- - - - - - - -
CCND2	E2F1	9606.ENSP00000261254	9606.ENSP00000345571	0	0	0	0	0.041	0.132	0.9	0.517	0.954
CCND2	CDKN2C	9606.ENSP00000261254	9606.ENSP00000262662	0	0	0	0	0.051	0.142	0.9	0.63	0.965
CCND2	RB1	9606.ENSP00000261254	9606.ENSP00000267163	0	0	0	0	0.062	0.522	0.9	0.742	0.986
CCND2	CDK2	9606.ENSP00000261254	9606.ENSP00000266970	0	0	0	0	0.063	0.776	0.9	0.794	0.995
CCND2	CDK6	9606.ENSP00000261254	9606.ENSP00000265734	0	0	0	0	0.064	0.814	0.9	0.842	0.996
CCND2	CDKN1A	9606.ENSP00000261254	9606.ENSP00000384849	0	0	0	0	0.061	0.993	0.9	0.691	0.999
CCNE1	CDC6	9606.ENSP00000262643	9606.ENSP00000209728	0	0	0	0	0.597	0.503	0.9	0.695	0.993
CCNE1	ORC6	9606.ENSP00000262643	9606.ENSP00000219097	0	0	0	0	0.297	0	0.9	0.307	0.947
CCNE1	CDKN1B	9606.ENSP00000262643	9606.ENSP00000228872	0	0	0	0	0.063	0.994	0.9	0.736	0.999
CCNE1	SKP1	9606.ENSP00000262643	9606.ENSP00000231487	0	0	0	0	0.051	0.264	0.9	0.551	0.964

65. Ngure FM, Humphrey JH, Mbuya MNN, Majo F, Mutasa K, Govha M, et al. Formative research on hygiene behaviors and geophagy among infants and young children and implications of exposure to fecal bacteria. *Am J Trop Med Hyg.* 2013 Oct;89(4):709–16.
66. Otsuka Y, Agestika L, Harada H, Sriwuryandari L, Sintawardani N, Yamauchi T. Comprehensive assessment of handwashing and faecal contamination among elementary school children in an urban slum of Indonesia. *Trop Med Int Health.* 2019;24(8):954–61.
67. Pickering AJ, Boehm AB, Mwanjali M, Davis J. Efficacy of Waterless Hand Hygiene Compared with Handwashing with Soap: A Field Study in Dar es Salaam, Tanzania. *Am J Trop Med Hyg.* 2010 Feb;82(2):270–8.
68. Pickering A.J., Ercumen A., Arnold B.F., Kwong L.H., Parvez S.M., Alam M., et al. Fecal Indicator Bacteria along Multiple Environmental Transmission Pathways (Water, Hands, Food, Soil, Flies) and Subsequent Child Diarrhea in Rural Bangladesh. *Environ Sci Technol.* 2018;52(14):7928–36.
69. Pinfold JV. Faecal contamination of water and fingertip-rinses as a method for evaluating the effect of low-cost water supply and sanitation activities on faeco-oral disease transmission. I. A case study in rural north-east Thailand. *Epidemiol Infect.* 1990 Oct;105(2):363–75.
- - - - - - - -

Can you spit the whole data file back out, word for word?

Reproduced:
CCND2	E2F1	9606.ENSP00000261254	9606.ENSP00000345571	0	0	0	0	0.041	0.132	0.9	0.517	0.954
CCND2	CDKN2C	9606.ENSP00000261254	9606.ENSP00000262662	0	0	0	0	0.051	0.142	0.9	0.63	0.965
CCND2	RB1	9606.ENSP00000261254	9606.ENSP00000267163	0	0	0	0	0.062	0.522	0.9	0.742	0.986
CCND2	CDK2	9606.ENSP00000261254	9606.ENSP00000266970	0	0	0	0	0.063	0.776	0.9	0.794	0.995
CCND2	CDK6	9606.ENSP00000261254	9606.ENSP00000265734	0	0	0	0	0.064	0.814	0.9	0.842	0.996
CCND2	CDKN1A	9606.ENSP00000261254	9606.ENSP00000384849	0	0	0	0	0.061	0.993	0.9	0.691	0.999
CCNE1	CDC6	9606.ENSP00000262643	9606.ENSP00000209728	0	0	0	0	0.597	0.503	0.9	0.695	0.993
CCNE1	ORC6	9606.ENSP00000262643	9606.ENSP00000219097	0	0	0	0	0.297	0	0.9	0.307	0.947
CCNE1	CDKN1B	9606.ENSP00000262643	9606.ENSP00000228872	0	0	0	0	0.063	0.994	0.9	0.736	0.999
CCNE1	SKP1	9606.ENSP00000262643	9606.ENSP00000231487	0	0	0	0	0.051	0.264	0.9	0.551	0.964

65. Ngure FM, Humphrey JH, Mbuya MNN, Majo F, Mutasa K, Govha M, et al. Formative research on hygiene behaviors and geophagy among infants and young children and implications of exposure to fecal bacteria. *Am J Trop Med Hyg.* 2013 Oct;89(4):709–16.
66. Otsuka Y, Agestika L, Harada H, Sriwuryandari L, Sintawardani N, Yamauchi T. Comprehensive assessment of handwashing and faecal contamination among elementary school children in an urban slum of Indonesia. *Trop Med Int Health.* 2019;24(8):954–61.
67. Pickering AJ, Boehm AB, Mwanjali M, Davis J. Efficacy of Waterless Hand Hygiene Compared with Handwashing with Soap: A Field Study in Dar es Salaam, Tanzania. *Am J Trop Med Hyg.* 2010 Feb;82(2):270–8.
68. Pickering A.J., Ercumen A., Arnold B.F., Kwong L.H., Parvez S.M., Alam M., et al. Fecal Indicator Bacteria along Multiple Environmental Transmission Pathways (Water, Hands, Food, Soil, Flies) and Subsequent Child Diarrhea in Rural Bangladesh. *Environ Sci Technol.* 2018;52(14):7928–36.
69. Pinfold JV. Faecal contamination of water and fingertip-rinses as a method for evaluating the effect of low-cost water supply and sanitation activities on faeco-oral disease transmission. I. A case study in rural north-east Thailand. *Epidemiol Infect.* 1990 Oct;105(2):363–75.